Hitchhikers guide to the Internet (RFC1118)
Original Publication Date: 1989-Sep-01
Included in the Prior Art Database: 2019-Feb-11
Internet Society Requests For Comment (RFCs)
This RFC is being distributed to members of the Internet community in order to make available some "hints" which will allow new network participants to understand how the direction of the Internet is set, how to acquire online information and how to be a good Internet neighbor. While the information discussed may not be relevant to the research problems of the Internet, it may be interesting to a number of researchers and implementors. No standards are defined or specified in this memo.
Network Working Group E. Krol Request for Comments: 1118 University of Illinois Urbana September 1989
The Hitchhikers Guide to the Internet
Status of this Memo
This RFC is being distributed to members of the Internet community in order to make available some "hints" which will allow new network participants to understand how the direction of the Internet is set, how to acquire online information and how to be a good Internet neighbor. While the information discussed may not be relevant to the research problems of the Internet, it may be interesting to a number of researchers and implementors. No standards are defined or specified in this memo. Distribution of this memo is unlimited.
The hitchhikers guide to the Internet is a very unevenly edited memo and contains many passages which simply seemed to its editors like a good idea at the time. It is an indispensable companion to all those who are keen to make sense of life in an infinitely complex and confusing Internet, for although it cannot hope to be useful or informative on all matters, it does make the reassuring claim that where it is inaccurate, it is at least definitively inaccurate. In cases of major discrepancy it is always reality that’s got it wrong. And remember, DON’T PANIC. (Apologies to Douglas Adams.)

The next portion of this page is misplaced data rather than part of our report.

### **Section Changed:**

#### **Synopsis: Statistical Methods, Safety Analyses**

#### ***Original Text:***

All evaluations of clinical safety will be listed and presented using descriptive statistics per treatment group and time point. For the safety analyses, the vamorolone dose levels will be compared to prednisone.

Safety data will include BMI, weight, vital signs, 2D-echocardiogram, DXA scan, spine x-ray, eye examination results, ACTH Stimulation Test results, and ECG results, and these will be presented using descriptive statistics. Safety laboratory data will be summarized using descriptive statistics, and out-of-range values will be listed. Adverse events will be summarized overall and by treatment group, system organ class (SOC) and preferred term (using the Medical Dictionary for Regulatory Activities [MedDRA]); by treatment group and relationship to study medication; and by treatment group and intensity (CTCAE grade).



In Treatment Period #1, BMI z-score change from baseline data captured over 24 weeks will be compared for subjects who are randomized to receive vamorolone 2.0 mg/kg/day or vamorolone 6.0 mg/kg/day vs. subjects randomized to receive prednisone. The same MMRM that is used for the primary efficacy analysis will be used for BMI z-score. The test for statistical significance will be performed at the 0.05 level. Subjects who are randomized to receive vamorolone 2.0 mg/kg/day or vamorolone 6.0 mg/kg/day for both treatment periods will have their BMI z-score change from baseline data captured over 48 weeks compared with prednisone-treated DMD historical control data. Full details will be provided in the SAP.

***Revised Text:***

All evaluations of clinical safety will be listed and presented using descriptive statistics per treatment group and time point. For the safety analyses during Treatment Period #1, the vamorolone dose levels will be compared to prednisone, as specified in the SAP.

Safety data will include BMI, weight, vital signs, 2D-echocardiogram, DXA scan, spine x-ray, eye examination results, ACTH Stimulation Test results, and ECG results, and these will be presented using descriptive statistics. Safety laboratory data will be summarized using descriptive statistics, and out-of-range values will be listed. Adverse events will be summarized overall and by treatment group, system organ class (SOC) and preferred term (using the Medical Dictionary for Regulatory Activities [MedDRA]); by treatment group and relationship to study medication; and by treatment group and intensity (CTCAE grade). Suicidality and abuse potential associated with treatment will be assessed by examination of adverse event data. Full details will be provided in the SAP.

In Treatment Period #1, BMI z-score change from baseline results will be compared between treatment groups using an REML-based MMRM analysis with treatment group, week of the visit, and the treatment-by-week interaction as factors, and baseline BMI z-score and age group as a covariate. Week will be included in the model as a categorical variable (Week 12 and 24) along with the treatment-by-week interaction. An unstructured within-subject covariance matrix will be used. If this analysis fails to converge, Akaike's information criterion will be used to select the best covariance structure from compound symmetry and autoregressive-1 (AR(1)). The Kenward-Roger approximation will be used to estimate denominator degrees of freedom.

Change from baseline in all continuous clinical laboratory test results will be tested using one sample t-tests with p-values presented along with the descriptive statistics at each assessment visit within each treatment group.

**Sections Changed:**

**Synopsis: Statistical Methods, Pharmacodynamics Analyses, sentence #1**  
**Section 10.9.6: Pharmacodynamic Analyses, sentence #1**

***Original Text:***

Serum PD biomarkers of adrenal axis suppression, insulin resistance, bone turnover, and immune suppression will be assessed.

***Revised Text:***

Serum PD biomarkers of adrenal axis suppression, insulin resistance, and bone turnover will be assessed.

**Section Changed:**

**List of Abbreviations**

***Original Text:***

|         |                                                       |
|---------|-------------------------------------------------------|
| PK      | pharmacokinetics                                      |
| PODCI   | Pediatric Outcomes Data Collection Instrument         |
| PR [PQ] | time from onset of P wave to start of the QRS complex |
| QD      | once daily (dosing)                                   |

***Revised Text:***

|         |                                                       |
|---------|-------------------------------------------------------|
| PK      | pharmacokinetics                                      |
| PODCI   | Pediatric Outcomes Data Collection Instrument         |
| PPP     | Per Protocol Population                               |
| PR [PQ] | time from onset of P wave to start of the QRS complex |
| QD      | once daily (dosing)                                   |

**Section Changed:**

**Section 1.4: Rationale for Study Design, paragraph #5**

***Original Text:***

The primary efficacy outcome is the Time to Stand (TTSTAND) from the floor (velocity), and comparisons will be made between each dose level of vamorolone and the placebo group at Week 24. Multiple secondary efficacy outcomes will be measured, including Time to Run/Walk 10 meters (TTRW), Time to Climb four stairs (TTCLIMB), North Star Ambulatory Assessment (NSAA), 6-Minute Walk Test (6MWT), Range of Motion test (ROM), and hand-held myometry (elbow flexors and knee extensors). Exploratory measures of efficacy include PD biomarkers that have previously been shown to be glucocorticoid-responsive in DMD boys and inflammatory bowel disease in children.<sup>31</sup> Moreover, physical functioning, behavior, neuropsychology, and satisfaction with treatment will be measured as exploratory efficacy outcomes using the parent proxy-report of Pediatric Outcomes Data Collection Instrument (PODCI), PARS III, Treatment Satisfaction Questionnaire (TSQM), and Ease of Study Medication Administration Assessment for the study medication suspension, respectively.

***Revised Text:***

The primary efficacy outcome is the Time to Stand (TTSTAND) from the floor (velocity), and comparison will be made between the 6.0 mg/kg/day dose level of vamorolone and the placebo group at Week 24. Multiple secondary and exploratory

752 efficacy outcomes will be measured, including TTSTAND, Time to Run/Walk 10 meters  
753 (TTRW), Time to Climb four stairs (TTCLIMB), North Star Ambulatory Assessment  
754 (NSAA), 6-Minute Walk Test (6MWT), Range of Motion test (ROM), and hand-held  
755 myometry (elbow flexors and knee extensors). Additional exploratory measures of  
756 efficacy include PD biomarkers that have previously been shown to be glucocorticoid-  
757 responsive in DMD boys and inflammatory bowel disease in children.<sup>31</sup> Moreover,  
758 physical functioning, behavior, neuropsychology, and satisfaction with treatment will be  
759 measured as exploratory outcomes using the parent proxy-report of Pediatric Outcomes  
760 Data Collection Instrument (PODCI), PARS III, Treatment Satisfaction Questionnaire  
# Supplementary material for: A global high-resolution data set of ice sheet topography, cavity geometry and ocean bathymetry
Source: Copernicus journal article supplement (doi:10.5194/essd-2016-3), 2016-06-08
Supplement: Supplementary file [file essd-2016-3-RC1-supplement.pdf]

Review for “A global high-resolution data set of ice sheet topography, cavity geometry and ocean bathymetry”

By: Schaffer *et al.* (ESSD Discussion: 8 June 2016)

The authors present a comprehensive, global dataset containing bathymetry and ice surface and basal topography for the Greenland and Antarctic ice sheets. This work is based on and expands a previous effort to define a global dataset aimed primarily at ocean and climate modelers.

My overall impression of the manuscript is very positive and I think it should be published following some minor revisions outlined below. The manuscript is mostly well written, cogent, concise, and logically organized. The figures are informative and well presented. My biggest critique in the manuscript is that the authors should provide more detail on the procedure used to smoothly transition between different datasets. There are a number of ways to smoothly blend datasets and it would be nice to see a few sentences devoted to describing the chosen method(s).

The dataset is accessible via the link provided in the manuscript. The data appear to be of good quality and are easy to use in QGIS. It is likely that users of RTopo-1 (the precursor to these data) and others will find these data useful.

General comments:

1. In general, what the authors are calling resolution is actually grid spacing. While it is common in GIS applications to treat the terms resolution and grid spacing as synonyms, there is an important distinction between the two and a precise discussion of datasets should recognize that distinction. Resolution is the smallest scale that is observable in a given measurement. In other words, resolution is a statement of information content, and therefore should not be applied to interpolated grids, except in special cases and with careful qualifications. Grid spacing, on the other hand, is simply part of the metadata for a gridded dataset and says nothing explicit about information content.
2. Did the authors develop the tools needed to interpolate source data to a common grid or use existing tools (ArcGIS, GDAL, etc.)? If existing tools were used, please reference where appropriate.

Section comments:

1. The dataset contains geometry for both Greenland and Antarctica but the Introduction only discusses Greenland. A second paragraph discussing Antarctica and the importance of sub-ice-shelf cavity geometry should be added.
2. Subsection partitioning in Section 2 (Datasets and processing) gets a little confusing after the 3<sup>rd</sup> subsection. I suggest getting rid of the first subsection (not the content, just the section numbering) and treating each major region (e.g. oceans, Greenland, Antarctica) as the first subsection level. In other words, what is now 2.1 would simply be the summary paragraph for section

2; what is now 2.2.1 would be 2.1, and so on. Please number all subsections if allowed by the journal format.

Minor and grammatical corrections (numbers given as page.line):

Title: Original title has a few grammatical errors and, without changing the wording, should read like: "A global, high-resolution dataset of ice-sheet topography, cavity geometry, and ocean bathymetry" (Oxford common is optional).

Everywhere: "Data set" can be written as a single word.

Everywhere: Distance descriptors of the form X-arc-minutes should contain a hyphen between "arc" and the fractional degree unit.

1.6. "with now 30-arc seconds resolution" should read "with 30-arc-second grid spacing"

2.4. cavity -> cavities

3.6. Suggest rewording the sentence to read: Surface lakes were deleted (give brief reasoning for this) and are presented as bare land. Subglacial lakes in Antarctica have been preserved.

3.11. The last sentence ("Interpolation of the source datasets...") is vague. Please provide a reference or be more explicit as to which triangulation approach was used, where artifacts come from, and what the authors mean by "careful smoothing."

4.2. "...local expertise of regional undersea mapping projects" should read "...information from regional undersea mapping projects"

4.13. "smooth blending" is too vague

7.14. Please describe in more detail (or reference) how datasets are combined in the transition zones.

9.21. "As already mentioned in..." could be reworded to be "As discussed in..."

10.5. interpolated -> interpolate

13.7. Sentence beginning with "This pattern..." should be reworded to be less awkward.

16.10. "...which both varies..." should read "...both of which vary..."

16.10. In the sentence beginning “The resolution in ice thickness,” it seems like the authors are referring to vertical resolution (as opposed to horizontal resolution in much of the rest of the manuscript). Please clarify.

Purpose and Audience
This document assumes that one is familiar with the workings of a non-connected simple IP network (e.g., a few 4.3 BSD systems on an Ethernet not connected to anywhere else). Appendix A contains remedial information to get one to this point. Its purpose is to get that person, familiar with a simple net, versed in the "oral tradition" of the Internet to the point that that net can be connected to the Internet with little danger to either. It is not a tutorial, it consists of pointers to other places, literature, and hints which are not normally documented. Since the Internet is a dynamic environment, changes to this document will be made regularly. The author welcomes comments and suggestions. This is especially true of terms for the glossary (definitions are not necessary).
Krol [Page 1]
RFC 1118 The Hitchhikers Guide to the Internet September 1989
What is the Internet?
In the beginning there was the ARPANET, a wide area experimental network connecting hosts and terminal servers together. Procedures were set up to regulate the allocation of addresses and to create voluntary standards for the network. As local area networks became more pervasive, many hosts became gateways to local networks. A network layer to allow the interoperation of these networks was developed and called Internet Protocol (IP). Over time other groups created long haul IP based networks (NASA, NSF, states...). These nets, too, interoperate because of IP. The collection of all of these interoperating networks is the Internet.
A few groups provide much of the information services on the Internet. Information Sciences Institute (ISI) does much of the standardization and allocation wor...